In the United States, the Resource Conservation and Recovery Act, passed by the US Congress in 1976, changed how garbage is processed, managed and stored. The garbage dumps of the past were simply places where garbage was buried. Today’s landfills are much more complexly engineered sites.

They are extensively planned locations that are constantly monitored. This move toward increasingly more environmentally sound methods has also increased the efficiency of these sites. Before selecting a site for a landfill, city planners must work with engineers to determine what the effects a landfill will have in the long term.

An additional safety measure came when the EPA examined using alternative materials for landfill “daily cover”. Landfills are required to be covered at the end of each working day, and the original method was to use a layer of soil. This was obviously wasteful of resources, and used up the landfill quickly.

Since the EPA report in 1993, landfills and state regulations have increasingly adopted alternative daily cover (ADC), typically turning to geosynthetic materials such as polyethylene and PVC, which work well both to contain and to filter, and can be manufactured in very large and custom-fitting sheets.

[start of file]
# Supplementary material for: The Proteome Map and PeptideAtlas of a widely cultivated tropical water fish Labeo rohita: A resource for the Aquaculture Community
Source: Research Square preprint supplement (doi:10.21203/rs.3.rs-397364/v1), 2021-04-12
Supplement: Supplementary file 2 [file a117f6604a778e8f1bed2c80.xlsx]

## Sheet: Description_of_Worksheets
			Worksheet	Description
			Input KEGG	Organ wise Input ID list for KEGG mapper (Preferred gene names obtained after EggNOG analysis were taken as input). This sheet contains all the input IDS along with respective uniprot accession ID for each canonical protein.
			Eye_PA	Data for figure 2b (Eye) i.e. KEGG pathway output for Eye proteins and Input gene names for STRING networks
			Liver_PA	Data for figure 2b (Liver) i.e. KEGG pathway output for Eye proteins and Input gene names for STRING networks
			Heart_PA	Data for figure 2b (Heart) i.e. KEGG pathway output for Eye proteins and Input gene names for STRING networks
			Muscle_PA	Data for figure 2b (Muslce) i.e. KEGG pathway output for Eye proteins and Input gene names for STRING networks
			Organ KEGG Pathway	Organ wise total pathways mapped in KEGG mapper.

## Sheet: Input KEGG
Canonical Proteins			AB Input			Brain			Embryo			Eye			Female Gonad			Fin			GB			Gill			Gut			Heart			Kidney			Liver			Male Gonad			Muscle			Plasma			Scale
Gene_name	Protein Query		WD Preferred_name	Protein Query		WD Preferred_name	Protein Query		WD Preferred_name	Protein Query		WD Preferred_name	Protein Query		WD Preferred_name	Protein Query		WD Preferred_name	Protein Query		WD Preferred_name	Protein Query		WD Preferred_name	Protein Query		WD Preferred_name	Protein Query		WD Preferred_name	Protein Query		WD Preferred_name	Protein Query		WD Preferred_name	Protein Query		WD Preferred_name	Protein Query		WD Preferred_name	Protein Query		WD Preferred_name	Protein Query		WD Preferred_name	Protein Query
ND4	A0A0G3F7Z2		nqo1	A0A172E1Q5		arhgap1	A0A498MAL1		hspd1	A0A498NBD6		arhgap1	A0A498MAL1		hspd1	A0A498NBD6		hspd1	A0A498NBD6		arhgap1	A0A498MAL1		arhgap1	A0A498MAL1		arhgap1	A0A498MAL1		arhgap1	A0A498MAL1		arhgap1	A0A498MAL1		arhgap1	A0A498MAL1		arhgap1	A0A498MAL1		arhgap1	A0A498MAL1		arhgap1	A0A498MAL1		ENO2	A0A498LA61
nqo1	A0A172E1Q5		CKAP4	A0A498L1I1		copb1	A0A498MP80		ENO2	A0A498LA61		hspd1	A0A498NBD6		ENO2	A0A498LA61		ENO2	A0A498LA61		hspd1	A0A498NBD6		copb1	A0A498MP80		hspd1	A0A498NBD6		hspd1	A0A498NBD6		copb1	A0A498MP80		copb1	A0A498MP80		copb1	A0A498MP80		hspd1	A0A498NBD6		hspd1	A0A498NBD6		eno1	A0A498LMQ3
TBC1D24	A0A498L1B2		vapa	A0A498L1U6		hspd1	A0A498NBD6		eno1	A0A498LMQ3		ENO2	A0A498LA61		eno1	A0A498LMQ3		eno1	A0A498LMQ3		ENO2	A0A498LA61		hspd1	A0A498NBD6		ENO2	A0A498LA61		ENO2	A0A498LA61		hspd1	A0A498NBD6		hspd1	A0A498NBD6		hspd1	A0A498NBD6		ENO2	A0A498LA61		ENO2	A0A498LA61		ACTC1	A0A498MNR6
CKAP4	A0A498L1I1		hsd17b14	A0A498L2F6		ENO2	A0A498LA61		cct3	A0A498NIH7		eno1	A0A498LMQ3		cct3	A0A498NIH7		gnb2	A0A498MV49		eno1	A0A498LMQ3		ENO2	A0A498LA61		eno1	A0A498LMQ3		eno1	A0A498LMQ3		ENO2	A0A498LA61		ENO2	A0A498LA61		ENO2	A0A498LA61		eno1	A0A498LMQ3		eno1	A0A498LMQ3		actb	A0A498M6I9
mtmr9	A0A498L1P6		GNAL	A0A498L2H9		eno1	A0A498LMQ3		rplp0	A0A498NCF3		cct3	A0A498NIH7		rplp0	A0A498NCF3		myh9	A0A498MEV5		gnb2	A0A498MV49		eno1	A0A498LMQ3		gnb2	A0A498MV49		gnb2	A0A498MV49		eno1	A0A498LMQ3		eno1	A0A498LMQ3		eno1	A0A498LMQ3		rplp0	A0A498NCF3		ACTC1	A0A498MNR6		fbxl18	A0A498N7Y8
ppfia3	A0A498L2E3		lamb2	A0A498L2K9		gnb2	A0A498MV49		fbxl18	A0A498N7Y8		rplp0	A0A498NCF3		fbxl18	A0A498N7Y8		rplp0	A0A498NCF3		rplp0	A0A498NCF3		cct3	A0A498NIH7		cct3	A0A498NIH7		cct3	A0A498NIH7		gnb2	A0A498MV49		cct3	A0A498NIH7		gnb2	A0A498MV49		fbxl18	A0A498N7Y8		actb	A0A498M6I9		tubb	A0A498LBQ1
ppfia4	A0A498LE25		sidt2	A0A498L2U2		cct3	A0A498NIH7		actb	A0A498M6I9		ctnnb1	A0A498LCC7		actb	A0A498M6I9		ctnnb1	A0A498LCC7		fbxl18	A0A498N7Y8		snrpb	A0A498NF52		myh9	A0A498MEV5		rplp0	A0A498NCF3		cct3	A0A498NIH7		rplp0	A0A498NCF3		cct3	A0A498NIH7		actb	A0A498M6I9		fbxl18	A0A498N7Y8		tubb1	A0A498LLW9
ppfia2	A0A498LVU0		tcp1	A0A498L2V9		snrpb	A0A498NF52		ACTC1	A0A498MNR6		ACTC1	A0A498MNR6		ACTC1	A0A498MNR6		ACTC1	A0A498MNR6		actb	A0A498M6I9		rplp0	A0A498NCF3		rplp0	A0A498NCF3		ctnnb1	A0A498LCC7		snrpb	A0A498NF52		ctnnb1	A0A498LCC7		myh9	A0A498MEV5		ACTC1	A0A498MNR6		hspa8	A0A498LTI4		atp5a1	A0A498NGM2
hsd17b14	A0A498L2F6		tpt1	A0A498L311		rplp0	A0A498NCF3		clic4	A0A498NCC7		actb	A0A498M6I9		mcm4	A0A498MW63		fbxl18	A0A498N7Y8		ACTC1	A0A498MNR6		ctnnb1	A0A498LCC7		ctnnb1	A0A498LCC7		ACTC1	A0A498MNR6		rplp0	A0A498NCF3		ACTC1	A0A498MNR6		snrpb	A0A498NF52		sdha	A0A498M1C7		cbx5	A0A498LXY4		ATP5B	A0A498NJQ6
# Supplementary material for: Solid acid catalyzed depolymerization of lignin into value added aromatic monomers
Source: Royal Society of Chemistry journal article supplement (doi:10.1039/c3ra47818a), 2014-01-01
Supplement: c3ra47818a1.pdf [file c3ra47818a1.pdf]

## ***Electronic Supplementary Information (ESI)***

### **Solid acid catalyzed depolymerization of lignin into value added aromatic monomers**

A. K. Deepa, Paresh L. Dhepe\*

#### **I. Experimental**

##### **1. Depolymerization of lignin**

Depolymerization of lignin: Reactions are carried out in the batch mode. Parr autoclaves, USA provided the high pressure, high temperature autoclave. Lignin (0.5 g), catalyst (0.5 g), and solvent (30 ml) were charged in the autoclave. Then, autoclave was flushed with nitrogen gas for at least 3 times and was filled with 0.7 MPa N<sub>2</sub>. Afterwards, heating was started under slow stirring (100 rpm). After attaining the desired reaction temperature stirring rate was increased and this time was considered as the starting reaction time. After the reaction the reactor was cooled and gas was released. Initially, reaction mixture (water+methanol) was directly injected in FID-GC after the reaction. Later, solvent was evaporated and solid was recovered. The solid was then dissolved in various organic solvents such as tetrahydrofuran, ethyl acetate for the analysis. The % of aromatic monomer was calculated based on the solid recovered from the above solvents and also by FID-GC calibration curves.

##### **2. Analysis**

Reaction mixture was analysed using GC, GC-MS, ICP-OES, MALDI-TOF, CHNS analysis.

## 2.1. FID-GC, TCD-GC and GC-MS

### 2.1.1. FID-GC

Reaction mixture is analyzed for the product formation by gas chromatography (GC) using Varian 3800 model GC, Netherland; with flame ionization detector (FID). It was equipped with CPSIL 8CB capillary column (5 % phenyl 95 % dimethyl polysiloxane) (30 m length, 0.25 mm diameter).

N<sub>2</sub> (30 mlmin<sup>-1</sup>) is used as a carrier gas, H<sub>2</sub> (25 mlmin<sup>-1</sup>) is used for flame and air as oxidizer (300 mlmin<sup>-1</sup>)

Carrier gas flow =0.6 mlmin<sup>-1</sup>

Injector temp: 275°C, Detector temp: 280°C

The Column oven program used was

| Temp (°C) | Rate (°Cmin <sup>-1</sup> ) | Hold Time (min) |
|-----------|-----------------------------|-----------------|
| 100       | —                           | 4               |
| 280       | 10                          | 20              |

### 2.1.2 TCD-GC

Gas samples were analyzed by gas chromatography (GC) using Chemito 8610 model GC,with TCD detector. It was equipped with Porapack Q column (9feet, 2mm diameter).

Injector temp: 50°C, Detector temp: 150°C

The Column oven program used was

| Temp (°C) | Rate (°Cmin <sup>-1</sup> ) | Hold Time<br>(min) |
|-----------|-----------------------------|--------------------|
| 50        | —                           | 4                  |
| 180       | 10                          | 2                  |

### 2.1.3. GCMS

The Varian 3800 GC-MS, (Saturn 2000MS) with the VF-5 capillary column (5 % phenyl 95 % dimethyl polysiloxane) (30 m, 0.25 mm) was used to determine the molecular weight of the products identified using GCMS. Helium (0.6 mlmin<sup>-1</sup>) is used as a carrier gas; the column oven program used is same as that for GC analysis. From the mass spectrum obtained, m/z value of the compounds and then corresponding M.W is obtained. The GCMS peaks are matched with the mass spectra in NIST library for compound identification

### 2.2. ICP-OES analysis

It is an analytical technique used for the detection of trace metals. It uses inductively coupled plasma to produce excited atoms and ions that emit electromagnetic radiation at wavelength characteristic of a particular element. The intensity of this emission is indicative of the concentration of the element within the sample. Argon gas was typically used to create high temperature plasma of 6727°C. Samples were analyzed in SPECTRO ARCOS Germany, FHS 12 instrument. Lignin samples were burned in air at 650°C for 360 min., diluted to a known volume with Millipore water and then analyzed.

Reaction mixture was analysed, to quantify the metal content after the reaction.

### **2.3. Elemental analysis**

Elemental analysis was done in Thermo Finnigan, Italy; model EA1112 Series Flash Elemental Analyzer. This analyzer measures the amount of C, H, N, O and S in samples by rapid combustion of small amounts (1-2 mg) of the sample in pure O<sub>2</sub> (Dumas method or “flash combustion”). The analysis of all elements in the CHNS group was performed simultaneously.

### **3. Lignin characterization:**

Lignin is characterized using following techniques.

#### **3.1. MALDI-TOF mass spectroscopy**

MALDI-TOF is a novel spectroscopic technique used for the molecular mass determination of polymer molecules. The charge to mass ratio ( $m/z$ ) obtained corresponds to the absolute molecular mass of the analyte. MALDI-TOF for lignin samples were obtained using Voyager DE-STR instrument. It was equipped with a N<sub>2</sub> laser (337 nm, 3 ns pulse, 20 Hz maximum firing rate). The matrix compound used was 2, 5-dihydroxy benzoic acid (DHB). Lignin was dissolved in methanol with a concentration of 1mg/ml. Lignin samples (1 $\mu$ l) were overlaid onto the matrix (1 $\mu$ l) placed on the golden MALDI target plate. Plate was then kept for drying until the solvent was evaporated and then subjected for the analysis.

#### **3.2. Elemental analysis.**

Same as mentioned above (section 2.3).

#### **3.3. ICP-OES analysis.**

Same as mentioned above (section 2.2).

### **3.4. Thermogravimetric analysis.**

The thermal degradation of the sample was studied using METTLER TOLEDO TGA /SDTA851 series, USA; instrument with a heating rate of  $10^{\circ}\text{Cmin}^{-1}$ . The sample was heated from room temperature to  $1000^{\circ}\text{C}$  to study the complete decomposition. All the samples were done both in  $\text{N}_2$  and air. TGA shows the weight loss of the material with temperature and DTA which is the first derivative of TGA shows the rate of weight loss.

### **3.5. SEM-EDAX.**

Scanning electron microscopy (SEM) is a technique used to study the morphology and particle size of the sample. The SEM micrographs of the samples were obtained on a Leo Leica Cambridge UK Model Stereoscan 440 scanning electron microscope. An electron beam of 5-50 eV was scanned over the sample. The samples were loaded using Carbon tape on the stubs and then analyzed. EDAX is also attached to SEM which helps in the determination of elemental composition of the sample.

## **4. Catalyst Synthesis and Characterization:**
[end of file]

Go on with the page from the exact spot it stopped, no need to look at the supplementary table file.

Geomembranes and geotextiles (the “geo” part simply means working with the land) had already been used as part of the liner underneath the landfill. It now became possible to use them as the top cover also.

Landfill Bottom Liners and Top Covers

One of the biggest issues surrounding landfills is their impact on the environment, particularly the potential of contaminants reaching the groundwater supply. To prevent this, a bottom liner is used. While it is well known that placing large qualities of garbage in one location can have long lasting consequence, scientists and engineers continue to work toward better solutions that are more environmentally friendly.

The EPA constantly works to regulate how landfills are designed and managed so that any new discoveries of more environmentally friendly methods can be incorporated quickly. Currently for landfill liners, it requires multiple layers of materials be used for landfills.

The underlying liner of new landfill sites will often consist of a soil or clay layer combined with a geotextile – a synthetic permeable membrane that screens solids out from the ever-present liquid descending from the trash, the “leachate”. This liquid is a severe pollutant and is contained and directed to a treatment process by yet another geosynthetic layer, this one impermeable. And underneath this layer will often be another impermeable layer of dense clay.

Landfill daily cover used to be almost as elaborate, taking 6 inches of soil or clay for each day’s landfill cap. With the continued improvement of geosynthetic materials, these over-engineered solutions can be replaced by a more plastic material. Landfill covers made of a synthetic reinforced polyethylene can create greater safety for the environment, combined with being easier to use, and less costly than other alternative daily covers. They can also be re-used.